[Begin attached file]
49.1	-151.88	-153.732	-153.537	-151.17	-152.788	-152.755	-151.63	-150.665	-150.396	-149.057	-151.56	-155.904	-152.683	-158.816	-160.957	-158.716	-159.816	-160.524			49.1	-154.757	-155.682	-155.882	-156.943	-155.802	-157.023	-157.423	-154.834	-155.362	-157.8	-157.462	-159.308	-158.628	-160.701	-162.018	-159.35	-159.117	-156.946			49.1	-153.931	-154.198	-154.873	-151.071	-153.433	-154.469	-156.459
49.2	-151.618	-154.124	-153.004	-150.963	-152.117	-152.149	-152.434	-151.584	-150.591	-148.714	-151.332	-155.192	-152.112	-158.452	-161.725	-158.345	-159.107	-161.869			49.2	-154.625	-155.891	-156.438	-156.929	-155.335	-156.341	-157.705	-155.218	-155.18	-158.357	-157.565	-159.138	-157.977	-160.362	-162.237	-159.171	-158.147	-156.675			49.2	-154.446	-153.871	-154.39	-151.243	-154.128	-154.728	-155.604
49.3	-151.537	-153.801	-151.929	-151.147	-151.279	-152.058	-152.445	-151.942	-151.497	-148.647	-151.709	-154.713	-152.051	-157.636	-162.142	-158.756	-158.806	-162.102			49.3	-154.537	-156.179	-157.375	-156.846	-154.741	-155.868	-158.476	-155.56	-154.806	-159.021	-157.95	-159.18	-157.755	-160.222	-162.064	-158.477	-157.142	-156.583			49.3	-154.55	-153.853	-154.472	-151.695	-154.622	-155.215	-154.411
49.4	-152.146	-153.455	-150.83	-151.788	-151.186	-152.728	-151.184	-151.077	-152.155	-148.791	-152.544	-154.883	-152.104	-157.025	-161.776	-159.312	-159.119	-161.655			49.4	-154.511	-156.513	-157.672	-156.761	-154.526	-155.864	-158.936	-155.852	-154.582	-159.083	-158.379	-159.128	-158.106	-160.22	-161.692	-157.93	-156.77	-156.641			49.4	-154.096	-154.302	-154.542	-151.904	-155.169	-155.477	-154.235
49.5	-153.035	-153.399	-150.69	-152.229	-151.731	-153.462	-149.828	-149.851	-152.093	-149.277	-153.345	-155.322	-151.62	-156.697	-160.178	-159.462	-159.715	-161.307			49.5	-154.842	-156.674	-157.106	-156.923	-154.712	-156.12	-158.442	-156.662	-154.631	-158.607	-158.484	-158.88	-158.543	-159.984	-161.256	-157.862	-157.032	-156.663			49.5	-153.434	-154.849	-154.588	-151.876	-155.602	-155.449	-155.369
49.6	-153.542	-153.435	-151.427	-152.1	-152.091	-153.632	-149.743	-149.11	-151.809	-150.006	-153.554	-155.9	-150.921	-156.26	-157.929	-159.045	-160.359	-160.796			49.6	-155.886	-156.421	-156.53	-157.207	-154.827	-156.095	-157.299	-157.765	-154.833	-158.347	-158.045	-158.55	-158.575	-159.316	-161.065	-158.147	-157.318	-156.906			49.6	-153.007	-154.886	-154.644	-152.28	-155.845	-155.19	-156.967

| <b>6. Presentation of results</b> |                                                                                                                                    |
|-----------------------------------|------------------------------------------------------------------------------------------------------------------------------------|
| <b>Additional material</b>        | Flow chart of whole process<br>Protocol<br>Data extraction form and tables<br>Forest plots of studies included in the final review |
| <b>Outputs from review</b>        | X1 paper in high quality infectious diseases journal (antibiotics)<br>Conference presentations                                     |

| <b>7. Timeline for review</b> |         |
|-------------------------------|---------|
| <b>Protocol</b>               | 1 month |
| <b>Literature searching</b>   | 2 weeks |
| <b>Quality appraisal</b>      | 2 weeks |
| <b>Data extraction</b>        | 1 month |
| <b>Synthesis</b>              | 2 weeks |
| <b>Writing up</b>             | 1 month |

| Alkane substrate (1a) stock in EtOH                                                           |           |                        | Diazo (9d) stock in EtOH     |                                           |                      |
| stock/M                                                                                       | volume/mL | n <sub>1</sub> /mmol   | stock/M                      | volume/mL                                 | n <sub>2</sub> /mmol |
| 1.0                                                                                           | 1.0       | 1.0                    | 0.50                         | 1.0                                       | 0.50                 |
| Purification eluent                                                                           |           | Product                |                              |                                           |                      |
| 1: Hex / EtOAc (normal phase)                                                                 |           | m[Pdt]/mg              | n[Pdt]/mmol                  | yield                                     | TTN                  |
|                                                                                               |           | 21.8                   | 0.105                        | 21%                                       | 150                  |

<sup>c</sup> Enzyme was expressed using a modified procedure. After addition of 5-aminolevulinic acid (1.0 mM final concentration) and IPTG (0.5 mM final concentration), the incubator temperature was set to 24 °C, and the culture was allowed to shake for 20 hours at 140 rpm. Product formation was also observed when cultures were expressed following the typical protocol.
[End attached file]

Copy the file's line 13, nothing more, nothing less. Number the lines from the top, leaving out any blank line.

| <b>Protocol</b>               | 1 month |